Please refer to this study by its ClinicalTrials.gov identifier (NCT number): NCT01652001


Locations
Spain
Dental School
Granada, Spain, 18071
Sponsors and Collaborators
Universidad de Granada
Instituto de Salud Carlos III
Investigators
Principal Investigator: Gerardo Gómez-Moreno, Professor Universidad de Granada
  More Information

Responsible Party: Gerardo Gomez Moreno, Professor, Universidad de Granada
ClinicalTrials.gov Identifier: NCT01652001     History of Changes
Other Study ID Numbers: Xerostomia-2012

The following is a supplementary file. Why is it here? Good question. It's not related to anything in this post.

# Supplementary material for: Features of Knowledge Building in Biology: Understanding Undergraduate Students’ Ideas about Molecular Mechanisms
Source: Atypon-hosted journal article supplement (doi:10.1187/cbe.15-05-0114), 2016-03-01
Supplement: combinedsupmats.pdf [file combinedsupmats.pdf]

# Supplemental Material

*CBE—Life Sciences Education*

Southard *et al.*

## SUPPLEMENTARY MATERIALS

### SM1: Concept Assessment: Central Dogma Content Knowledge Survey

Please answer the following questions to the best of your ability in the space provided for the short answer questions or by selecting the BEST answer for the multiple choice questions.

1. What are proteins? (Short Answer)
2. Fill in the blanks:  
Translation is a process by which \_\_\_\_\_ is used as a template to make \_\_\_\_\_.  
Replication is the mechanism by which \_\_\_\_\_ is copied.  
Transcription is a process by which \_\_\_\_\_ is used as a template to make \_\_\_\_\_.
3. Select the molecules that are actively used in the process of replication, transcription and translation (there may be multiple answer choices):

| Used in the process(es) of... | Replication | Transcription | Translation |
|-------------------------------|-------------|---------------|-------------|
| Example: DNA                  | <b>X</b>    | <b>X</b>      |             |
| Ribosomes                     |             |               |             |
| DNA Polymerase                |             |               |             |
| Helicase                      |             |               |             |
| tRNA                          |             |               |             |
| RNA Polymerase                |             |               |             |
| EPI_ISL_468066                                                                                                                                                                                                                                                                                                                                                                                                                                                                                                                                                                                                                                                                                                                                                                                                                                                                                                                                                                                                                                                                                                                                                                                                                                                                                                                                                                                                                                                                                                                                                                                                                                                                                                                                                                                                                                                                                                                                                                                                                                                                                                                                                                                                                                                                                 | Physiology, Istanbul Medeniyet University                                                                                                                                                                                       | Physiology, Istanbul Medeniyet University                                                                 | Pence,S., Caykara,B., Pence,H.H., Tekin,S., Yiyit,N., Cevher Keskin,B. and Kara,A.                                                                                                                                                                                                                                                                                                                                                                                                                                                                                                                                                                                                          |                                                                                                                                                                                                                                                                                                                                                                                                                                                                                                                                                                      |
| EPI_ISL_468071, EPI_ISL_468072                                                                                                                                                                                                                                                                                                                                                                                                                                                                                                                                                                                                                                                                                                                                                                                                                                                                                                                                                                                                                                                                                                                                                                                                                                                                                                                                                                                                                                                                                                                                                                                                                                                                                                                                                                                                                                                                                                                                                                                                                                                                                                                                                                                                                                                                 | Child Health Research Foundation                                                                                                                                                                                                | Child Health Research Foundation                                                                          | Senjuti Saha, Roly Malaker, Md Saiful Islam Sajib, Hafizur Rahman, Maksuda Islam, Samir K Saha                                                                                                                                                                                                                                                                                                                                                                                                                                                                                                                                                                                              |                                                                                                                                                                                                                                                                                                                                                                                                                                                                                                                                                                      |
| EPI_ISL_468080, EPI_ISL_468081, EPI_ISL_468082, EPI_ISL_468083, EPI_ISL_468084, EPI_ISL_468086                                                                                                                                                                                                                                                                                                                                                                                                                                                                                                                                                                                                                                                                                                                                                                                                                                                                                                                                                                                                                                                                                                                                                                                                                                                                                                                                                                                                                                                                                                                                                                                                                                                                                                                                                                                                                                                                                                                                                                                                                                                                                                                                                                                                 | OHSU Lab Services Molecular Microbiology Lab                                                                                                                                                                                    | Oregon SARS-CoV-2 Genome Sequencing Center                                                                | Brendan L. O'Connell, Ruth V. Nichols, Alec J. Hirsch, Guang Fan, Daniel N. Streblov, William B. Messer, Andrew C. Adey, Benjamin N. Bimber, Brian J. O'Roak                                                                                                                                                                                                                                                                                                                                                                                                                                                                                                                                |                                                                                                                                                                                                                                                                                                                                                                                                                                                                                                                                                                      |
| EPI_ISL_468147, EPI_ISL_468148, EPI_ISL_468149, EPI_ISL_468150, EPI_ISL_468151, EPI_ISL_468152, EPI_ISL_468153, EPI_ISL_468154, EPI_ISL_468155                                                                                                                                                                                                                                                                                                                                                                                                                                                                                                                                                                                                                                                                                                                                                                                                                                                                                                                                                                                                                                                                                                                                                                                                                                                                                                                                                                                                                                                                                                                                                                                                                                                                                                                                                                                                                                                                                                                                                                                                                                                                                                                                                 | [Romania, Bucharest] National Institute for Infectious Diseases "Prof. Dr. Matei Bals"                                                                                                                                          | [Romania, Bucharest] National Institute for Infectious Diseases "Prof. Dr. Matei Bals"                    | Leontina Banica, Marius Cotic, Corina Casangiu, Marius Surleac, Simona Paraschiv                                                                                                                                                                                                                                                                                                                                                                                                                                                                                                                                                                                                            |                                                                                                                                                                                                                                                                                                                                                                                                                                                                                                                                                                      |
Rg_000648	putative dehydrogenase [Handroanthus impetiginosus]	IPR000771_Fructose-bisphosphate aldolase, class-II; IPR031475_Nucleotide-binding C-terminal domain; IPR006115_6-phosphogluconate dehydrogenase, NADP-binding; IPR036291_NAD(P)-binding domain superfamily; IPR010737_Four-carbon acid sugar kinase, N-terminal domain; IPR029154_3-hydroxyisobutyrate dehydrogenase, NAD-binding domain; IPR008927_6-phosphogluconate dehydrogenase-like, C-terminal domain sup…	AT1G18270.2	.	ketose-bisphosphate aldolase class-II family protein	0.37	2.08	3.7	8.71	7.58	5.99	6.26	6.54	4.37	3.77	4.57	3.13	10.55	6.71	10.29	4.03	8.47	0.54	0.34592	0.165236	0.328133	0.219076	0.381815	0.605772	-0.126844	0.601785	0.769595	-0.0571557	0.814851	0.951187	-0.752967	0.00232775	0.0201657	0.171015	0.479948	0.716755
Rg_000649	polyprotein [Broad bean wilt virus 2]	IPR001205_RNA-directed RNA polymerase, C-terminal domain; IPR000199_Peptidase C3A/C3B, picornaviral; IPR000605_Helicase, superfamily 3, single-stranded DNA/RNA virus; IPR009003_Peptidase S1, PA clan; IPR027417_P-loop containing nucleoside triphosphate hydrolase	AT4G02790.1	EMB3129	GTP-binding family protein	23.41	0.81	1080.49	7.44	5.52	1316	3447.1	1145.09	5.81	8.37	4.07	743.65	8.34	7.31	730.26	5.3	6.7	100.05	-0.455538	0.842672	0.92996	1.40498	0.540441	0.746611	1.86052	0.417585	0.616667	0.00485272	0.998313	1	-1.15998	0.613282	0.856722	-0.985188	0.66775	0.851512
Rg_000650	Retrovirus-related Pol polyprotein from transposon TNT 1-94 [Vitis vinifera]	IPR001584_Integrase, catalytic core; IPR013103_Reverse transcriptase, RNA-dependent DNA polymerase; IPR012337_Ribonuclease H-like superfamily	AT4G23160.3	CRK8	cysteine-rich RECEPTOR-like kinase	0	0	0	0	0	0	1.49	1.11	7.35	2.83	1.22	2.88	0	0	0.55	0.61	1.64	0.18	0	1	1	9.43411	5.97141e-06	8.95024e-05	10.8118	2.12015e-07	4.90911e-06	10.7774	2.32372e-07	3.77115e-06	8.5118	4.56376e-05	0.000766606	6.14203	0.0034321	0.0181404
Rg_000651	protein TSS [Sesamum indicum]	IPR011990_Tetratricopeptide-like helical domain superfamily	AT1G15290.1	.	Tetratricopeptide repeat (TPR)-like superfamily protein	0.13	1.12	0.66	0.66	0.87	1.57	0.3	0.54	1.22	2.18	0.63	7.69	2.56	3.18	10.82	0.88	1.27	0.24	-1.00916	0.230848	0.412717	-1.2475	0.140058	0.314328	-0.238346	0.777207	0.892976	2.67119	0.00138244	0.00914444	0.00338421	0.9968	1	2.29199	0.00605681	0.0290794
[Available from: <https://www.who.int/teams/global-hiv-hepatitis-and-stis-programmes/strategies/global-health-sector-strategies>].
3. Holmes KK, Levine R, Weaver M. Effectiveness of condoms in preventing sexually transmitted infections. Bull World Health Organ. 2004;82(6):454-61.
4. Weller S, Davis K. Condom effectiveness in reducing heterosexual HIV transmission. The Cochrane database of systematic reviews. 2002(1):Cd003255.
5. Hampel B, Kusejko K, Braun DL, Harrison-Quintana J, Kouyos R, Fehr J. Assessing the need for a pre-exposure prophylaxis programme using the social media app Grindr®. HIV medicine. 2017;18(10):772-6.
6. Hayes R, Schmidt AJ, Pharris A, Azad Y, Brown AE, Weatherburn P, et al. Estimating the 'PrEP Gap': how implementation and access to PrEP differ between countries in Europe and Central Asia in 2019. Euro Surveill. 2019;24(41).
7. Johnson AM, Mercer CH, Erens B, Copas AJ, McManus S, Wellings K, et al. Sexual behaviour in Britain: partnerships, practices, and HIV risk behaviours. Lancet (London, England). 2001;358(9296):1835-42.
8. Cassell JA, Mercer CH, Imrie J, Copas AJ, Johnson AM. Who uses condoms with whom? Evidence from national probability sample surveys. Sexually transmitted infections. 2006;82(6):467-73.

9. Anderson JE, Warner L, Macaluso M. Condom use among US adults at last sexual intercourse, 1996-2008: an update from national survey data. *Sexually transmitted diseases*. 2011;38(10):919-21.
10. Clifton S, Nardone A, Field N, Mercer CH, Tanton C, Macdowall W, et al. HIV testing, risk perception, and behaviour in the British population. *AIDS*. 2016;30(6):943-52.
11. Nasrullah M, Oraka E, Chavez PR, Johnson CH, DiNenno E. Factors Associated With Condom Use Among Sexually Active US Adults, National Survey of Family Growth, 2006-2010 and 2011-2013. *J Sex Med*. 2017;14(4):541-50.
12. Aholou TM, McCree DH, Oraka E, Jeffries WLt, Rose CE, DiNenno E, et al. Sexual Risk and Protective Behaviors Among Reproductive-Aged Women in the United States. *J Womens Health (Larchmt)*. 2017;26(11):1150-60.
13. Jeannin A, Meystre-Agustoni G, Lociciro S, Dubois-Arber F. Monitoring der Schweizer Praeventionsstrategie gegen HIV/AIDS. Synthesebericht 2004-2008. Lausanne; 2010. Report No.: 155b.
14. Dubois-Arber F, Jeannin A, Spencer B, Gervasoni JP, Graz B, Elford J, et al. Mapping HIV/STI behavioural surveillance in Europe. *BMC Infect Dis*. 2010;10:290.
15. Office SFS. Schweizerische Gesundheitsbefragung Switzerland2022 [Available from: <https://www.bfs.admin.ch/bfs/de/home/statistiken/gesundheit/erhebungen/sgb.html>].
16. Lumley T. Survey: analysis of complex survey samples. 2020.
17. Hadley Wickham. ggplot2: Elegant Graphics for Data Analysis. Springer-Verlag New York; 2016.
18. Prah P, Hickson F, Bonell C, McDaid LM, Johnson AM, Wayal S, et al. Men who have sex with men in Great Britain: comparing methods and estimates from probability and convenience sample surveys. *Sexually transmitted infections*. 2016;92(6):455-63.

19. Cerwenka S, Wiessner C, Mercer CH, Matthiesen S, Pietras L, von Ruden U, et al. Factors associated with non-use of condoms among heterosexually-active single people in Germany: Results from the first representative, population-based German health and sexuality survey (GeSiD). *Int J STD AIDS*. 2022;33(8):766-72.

PI10/00932 ( Other Grant/Funding Number: Instituto de Salud Carlos III )
First Submitted: July 20, 2012
First Posted: July 27, 2012
Results First Submitted: December 3, 2014
Results First Posted: April 5, 2016
Last Update Posted: April 5, 2016
Last Verified: April 2016
Individual Participant Data (IPD) Sharing Statement:
Plan to Share IPD: No

Keywords provided by Gerardo Gomez Moreno, Universidad de Granada:
Xerostomia
Antidepressant agents
Antihypertensive agents

Additional relevant MeSH terms:
Xerostomia
Salivary Gland Diseases
Mouth Diseases
Stomatognathic Diseases